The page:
April 11, 2017, was Wartburg’s sixth annual RICE Day celebration. RICE stands for Research, Internship, and Creative Endeavor Day. It recognizes student achievement in and out of the classroom, and showcases Wartburg’s academic and co-curricular diversity across the disciplines. This day allows all students to see the diverse possibilities and opportunities at Wartburg College. I saw a lot of different academic presentations at RICE Day, but what fascinated me the most was the amount of diverse subjects being researched in the social sciences. I will highlight two of them in this post.
The first poster I’m going to talk about was titled “House Ventilation in Kenya” and was created by Emma Fuhs and Clay Henning. This group designed a stove that will reduce exposure to emissions and improve the overall health of the user and produce economic opportunities for Kenyan entrepreneurs. They believe that if this design was implemented, it would help save 4.3 million people’s lives annually from lung cancer because it would give proper ventilation. The design they came up with will reduce exposure to CO2 emissions by 90%. They estimate the cost to be around $50 and last for 15 years and could really help communities in Kenya.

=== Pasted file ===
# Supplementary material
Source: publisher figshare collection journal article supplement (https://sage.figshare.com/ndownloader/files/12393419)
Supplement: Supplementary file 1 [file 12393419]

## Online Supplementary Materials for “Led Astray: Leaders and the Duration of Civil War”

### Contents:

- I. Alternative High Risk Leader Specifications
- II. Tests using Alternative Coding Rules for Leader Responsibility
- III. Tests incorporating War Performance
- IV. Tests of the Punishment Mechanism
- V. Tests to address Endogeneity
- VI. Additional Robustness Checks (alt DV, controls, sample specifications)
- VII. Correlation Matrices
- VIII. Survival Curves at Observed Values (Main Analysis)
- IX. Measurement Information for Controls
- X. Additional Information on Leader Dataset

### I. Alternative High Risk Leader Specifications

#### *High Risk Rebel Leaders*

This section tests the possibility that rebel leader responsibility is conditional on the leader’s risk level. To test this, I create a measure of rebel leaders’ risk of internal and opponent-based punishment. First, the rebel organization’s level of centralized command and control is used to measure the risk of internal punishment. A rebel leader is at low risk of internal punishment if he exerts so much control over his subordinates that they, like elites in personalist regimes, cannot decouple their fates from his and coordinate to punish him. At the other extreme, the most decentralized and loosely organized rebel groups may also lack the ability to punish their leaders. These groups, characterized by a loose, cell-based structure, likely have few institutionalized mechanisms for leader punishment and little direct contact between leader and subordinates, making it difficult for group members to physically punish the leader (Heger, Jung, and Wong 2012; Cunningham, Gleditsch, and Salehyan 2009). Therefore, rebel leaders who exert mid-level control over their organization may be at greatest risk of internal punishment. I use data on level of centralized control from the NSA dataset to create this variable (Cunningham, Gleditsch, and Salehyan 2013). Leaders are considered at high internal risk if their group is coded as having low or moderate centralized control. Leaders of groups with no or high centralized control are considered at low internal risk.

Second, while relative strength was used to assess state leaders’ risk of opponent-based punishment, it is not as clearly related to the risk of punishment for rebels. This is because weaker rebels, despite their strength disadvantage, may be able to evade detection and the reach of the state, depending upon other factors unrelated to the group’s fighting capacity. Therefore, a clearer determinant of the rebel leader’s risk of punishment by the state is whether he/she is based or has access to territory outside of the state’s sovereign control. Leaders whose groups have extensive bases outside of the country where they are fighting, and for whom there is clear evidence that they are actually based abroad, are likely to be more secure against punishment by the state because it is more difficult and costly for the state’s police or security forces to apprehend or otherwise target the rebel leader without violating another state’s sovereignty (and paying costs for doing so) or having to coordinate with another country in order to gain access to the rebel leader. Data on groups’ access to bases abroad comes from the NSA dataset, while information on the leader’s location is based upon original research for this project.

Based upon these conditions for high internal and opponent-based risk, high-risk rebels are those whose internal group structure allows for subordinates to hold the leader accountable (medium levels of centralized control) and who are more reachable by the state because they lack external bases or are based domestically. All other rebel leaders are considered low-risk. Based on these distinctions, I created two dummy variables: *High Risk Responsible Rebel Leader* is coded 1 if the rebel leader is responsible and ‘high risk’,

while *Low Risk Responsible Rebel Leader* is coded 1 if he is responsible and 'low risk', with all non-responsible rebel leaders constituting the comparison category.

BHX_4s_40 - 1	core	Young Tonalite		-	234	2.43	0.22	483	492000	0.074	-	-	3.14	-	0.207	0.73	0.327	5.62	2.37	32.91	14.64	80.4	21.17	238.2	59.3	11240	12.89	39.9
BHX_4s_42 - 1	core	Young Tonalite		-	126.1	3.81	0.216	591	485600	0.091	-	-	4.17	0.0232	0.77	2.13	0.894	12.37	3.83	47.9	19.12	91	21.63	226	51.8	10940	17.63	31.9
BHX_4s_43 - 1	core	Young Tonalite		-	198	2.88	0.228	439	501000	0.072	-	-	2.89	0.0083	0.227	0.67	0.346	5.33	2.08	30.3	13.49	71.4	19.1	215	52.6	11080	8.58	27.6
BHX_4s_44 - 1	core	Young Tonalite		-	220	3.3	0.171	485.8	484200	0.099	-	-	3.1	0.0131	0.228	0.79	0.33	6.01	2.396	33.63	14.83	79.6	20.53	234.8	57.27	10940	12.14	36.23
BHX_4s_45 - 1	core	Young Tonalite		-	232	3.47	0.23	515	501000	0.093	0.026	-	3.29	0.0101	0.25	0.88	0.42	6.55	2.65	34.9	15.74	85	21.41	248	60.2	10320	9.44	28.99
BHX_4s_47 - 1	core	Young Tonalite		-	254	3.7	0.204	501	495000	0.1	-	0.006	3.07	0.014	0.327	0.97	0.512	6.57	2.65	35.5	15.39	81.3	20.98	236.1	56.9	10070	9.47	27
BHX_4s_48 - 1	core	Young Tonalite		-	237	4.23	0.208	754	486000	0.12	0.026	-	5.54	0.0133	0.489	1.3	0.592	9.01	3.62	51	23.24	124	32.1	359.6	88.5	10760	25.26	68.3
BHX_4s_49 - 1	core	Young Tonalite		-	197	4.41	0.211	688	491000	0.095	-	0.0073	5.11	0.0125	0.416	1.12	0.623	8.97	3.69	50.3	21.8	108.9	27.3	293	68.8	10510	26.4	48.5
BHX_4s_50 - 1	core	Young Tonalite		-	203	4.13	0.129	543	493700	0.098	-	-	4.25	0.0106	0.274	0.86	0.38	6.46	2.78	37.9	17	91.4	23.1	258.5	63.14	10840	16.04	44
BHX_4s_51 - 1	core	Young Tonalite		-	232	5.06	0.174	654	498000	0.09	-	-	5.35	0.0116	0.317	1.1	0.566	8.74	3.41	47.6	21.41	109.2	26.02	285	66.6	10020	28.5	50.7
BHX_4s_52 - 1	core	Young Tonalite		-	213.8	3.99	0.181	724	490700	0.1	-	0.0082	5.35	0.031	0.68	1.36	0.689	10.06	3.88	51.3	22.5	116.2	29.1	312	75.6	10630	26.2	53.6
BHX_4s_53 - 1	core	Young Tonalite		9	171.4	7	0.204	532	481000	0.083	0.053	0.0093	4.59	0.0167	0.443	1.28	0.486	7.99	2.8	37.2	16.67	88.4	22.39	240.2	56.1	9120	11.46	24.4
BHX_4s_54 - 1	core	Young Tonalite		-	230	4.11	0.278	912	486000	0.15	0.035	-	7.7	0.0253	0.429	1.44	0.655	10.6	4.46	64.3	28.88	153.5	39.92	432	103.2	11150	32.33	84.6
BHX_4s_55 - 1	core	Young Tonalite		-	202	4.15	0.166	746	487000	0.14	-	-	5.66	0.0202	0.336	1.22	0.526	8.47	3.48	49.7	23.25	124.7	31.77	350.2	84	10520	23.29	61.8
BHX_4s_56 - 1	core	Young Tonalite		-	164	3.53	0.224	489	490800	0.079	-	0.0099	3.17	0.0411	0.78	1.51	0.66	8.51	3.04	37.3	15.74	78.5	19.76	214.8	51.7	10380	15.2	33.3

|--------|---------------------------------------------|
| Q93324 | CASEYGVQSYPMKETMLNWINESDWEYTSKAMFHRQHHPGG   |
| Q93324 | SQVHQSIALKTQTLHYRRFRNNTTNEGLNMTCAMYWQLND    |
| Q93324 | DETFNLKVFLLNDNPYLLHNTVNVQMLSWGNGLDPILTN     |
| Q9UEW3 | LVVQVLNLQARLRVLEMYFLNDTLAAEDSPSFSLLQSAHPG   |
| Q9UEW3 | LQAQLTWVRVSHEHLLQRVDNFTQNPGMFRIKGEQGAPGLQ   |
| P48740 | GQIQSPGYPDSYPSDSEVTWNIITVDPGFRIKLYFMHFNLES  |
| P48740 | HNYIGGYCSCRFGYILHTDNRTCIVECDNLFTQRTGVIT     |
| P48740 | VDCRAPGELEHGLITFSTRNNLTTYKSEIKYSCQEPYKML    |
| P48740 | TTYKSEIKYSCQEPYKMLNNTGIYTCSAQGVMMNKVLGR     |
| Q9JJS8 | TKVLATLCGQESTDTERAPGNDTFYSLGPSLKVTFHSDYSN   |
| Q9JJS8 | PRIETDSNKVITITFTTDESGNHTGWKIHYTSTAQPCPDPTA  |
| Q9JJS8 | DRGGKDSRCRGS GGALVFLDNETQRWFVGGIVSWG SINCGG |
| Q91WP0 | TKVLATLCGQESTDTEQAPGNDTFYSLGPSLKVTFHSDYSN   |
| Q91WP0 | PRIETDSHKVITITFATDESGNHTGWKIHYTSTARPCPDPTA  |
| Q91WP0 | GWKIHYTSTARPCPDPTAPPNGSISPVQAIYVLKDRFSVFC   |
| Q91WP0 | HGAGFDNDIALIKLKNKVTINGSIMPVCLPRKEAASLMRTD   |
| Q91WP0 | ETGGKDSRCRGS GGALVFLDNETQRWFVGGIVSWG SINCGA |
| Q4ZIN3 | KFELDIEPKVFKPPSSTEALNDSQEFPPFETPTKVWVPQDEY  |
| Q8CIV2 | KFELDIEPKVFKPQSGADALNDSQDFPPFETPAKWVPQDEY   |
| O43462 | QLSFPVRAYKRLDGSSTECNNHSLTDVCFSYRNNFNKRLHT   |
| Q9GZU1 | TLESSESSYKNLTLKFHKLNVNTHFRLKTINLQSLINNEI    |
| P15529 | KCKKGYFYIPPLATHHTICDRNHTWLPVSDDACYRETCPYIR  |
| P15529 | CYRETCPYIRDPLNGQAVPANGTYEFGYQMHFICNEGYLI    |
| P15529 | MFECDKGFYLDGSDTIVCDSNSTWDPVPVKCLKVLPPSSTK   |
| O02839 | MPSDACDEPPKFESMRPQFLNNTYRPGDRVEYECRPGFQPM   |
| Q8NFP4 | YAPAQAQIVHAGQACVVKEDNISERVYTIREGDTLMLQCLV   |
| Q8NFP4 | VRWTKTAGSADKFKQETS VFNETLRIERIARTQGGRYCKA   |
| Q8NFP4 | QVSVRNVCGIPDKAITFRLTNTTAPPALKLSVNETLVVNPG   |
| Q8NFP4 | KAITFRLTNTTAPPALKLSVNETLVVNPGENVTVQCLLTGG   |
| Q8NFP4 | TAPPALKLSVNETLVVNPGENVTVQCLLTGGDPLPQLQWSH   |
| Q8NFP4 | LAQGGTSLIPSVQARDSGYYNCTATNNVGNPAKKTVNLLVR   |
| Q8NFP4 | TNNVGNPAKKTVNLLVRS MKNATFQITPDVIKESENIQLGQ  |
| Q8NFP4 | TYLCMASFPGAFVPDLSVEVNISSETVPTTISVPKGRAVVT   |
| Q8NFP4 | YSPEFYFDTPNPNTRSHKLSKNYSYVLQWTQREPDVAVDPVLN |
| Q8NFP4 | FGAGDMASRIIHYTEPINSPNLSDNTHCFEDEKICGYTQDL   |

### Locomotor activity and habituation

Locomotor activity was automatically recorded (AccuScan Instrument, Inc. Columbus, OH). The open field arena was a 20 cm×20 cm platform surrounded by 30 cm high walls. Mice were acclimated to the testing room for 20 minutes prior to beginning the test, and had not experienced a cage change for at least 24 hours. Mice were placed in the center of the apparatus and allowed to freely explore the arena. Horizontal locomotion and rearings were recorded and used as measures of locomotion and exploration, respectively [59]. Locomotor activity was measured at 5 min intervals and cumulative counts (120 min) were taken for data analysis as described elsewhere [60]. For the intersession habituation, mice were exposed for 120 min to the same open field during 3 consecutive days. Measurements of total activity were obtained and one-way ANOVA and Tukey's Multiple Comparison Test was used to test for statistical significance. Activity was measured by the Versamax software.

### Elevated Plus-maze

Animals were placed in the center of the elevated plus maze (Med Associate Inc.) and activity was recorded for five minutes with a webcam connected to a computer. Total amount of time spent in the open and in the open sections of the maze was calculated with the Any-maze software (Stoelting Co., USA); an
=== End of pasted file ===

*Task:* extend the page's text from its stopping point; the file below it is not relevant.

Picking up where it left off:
The second poster I visited was titled “Capsaicinoid Concentration in the Carolina Reaper” and was created by Lily Zheng and Tessa Helmle. This group looked into the development of capsaicinoid in the Carolina Reaper, which is currently the hottest pepper in the world. The group researched the development of capsaicinoid, the chemical which makes peppers hot. They wanted to know the point in the pepper’s development when the pepper is at its hottest. They found that capsaicinoid develops in the pepper during weeks 1-4, and at week 4 it is at its highest. After 5 weeks, capsaicinoid starts to taper off.
As you can see, RICE Day showcases Wartburg’s academic and co-curricular diversity across the disciplines. Wartburg College is an amazing place where you can truly follow whatever passion you have.